This article employs queer theory to analyze Mel Gibson’s film The Passion of the Christ (2004) for its portrayal of queer characters (Satan and Herod) in contrast with non-queer (Pilate and Claudia, Seraphia, Simon the Cyrene, and Mary, Christ’s mother), and how it depicts the former as evil and the latter as good. In particular, these contrasts involve self-indulgent or predatory sexual expression versus a healthy marital relationship, and evil versus loving influences over children, who represent hope for the future. Finally, the article looks at the film’s heavy marketing to American evangelicals and how the symbolic representations in the film relate to evangelical politics and rhetoric concerning contemporaneous queer issues – gay marriage debates in particular.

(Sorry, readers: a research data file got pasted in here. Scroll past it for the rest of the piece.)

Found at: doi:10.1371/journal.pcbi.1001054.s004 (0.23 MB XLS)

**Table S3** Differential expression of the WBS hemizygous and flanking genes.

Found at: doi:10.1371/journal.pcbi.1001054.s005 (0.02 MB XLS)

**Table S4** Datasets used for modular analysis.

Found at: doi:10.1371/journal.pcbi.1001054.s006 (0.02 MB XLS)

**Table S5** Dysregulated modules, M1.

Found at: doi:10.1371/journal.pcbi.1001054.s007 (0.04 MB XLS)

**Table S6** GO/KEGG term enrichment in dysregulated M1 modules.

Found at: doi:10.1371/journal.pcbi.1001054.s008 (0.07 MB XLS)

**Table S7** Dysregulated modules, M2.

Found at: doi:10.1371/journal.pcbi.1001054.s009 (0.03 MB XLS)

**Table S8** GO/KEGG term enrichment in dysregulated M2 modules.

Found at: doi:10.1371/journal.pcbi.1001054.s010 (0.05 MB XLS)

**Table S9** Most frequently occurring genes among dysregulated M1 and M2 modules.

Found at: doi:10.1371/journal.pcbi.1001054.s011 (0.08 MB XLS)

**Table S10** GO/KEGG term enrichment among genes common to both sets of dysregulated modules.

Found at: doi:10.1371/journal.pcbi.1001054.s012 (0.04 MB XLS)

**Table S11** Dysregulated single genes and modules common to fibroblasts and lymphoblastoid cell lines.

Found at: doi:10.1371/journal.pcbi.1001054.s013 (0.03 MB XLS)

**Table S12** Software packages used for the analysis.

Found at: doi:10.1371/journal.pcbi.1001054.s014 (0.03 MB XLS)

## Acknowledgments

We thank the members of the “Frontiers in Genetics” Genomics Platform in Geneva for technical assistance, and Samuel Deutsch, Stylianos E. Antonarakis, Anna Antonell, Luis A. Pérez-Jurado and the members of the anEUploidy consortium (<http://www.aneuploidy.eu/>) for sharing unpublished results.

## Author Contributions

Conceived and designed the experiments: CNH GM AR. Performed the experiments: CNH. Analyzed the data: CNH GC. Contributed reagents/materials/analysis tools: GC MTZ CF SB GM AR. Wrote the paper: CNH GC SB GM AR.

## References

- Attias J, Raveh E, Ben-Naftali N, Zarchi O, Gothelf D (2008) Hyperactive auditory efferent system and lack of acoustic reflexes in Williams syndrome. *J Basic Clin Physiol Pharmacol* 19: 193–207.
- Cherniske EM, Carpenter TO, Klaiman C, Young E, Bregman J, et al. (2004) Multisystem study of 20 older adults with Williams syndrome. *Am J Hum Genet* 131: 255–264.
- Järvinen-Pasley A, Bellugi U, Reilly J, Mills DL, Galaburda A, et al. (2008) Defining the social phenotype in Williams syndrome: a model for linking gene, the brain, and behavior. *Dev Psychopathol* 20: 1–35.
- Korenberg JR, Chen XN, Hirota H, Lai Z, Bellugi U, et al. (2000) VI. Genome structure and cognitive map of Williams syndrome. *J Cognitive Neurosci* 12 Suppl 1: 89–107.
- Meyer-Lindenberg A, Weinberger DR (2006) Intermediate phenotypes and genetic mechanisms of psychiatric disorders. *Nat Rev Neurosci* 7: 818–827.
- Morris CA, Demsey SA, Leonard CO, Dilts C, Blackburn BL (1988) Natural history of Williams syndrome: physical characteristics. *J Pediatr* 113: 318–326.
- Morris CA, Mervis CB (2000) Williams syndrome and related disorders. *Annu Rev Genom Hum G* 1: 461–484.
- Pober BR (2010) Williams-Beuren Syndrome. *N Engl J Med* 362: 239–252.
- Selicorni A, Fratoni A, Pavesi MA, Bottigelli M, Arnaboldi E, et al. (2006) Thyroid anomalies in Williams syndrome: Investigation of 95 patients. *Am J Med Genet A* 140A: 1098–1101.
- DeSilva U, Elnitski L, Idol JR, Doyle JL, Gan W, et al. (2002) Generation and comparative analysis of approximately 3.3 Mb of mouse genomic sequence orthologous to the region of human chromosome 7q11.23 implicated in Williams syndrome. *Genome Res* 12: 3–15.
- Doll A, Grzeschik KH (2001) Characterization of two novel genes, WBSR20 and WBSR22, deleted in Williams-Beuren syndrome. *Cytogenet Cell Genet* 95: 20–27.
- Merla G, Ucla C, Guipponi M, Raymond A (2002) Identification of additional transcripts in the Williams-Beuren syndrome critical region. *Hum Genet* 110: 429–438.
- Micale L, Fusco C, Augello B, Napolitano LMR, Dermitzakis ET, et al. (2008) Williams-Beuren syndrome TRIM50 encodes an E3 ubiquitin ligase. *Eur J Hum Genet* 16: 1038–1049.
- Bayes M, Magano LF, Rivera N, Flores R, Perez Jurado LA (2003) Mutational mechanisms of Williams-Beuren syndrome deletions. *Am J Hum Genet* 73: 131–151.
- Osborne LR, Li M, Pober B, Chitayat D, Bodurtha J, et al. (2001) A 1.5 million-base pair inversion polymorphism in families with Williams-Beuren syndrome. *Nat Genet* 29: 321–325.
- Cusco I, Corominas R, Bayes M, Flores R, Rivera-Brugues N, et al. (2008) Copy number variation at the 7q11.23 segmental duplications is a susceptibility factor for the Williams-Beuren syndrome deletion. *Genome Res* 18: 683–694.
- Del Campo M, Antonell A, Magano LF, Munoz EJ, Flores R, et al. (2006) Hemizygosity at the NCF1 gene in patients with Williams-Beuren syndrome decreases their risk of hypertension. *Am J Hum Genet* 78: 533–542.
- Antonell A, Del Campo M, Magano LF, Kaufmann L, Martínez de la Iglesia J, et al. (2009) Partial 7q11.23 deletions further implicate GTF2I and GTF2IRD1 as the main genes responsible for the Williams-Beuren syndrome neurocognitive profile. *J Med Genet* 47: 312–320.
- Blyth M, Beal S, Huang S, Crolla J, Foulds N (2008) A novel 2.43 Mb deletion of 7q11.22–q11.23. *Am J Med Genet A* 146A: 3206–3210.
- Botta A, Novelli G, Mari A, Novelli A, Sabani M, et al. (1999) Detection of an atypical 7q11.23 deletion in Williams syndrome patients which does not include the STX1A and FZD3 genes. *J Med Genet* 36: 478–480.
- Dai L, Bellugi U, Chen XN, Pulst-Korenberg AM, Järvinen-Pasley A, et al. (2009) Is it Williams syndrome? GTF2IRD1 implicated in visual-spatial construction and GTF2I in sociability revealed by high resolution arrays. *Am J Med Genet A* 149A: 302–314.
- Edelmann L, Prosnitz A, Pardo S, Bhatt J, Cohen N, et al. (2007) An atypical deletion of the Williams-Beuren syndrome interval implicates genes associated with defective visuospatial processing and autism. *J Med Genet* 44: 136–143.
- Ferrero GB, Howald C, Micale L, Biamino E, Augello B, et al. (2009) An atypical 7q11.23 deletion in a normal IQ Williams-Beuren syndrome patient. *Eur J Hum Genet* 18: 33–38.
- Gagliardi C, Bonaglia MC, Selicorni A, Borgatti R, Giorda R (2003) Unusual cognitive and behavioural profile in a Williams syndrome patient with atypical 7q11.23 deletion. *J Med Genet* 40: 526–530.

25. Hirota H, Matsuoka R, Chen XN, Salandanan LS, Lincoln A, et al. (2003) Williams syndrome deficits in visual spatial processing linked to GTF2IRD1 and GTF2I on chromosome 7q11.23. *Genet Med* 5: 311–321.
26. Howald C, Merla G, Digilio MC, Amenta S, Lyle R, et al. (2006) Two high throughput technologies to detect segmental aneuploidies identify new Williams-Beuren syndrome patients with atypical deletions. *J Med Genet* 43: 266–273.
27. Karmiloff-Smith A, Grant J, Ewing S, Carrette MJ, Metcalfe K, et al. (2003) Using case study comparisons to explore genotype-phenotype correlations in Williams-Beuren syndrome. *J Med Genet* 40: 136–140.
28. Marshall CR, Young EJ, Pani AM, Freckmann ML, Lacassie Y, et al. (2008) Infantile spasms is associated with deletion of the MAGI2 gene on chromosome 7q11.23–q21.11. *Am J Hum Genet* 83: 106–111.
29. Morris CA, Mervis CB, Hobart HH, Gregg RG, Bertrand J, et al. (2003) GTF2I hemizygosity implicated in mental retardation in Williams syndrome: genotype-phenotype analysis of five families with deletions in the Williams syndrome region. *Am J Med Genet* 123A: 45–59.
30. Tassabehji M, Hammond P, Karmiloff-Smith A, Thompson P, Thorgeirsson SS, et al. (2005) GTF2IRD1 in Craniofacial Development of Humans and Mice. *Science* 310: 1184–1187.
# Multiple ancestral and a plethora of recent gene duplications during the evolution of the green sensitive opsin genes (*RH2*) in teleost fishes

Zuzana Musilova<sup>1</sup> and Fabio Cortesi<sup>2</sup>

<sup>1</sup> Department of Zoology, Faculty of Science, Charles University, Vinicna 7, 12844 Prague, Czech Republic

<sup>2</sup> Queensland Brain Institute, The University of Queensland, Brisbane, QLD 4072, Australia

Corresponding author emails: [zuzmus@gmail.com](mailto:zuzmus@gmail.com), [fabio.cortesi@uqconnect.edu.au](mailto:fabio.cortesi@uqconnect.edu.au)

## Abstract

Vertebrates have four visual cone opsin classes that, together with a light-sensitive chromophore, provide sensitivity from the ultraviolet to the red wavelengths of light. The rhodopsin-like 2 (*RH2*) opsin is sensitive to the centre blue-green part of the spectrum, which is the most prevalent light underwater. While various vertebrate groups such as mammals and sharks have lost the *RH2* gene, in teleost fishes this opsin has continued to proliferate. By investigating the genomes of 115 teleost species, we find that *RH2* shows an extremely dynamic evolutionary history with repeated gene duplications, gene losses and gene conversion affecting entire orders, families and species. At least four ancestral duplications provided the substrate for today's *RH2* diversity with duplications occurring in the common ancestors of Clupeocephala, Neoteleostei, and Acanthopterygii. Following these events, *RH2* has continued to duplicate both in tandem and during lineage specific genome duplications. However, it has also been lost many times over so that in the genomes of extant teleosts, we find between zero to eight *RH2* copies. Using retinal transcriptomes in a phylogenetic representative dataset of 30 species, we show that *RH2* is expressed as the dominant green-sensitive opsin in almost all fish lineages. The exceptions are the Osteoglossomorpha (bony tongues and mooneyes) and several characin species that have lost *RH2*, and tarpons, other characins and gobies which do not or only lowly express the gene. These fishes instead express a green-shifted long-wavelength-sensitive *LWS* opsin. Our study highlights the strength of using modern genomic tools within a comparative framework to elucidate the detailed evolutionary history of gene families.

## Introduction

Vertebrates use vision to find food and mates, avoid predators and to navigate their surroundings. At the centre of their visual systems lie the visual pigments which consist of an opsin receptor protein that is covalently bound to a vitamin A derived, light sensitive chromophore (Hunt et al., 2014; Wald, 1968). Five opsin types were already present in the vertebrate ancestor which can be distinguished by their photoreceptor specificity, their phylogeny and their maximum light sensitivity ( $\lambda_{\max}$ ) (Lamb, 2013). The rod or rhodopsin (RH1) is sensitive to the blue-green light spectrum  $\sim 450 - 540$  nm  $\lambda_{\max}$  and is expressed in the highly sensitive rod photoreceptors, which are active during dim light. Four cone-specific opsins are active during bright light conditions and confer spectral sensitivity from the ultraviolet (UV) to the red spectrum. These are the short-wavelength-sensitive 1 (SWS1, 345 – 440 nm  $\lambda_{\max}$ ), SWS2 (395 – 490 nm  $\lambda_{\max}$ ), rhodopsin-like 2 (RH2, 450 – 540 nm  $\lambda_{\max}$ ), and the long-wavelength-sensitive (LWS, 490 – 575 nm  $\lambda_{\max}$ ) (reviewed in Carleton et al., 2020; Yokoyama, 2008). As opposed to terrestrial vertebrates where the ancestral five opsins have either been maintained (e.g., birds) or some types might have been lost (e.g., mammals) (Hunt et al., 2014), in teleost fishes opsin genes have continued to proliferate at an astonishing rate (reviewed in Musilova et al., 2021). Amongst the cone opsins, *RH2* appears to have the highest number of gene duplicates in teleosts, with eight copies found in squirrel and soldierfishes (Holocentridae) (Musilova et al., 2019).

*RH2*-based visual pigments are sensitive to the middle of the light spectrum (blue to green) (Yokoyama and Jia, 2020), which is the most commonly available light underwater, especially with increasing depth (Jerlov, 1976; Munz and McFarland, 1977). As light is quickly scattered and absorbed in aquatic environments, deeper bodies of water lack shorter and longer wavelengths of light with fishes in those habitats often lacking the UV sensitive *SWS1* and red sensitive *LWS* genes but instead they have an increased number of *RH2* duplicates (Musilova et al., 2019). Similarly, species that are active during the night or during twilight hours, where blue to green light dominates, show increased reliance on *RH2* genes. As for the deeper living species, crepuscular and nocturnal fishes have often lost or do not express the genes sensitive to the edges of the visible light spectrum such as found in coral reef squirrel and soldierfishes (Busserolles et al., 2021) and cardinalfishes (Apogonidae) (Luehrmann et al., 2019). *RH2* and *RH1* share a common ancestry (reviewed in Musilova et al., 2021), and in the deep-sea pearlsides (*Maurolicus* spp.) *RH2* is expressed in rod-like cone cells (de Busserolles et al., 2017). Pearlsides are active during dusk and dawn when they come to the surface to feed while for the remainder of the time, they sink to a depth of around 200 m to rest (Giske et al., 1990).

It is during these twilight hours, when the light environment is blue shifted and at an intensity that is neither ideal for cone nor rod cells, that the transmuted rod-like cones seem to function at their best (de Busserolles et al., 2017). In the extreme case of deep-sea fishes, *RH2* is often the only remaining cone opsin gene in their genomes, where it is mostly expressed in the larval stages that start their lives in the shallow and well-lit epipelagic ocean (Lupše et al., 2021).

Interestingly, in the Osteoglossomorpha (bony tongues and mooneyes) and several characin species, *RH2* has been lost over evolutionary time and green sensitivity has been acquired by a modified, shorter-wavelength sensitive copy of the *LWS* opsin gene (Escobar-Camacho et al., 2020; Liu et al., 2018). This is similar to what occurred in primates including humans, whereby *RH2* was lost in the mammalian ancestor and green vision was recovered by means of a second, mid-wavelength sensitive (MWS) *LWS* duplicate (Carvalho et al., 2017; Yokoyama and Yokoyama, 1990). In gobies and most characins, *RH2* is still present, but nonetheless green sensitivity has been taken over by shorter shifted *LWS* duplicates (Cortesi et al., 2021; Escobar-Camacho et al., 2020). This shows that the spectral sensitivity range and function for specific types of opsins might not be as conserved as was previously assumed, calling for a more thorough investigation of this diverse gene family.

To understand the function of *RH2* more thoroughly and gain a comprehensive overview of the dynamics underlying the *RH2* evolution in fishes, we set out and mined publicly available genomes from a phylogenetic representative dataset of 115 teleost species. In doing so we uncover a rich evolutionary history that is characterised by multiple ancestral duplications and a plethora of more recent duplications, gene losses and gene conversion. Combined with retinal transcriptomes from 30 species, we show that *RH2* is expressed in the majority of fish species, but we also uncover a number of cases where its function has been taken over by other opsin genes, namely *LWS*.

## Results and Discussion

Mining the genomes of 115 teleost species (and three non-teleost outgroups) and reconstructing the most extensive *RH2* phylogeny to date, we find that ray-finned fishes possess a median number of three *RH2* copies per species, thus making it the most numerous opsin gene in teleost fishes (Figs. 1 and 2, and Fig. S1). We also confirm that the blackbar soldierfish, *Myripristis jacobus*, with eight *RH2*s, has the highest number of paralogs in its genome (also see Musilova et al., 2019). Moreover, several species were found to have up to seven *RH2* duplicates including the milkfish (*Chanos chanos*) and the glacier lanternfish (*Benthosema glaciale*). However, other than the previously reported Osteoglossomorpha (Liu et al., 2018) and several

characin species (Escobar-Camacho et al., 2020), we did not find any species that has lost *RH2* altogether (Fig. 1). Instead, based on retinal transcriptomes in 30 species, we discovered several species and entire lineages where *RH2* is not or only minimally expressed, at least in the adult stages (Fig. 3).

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This work is licensed under a Creative Commons Attribution 4.0 License.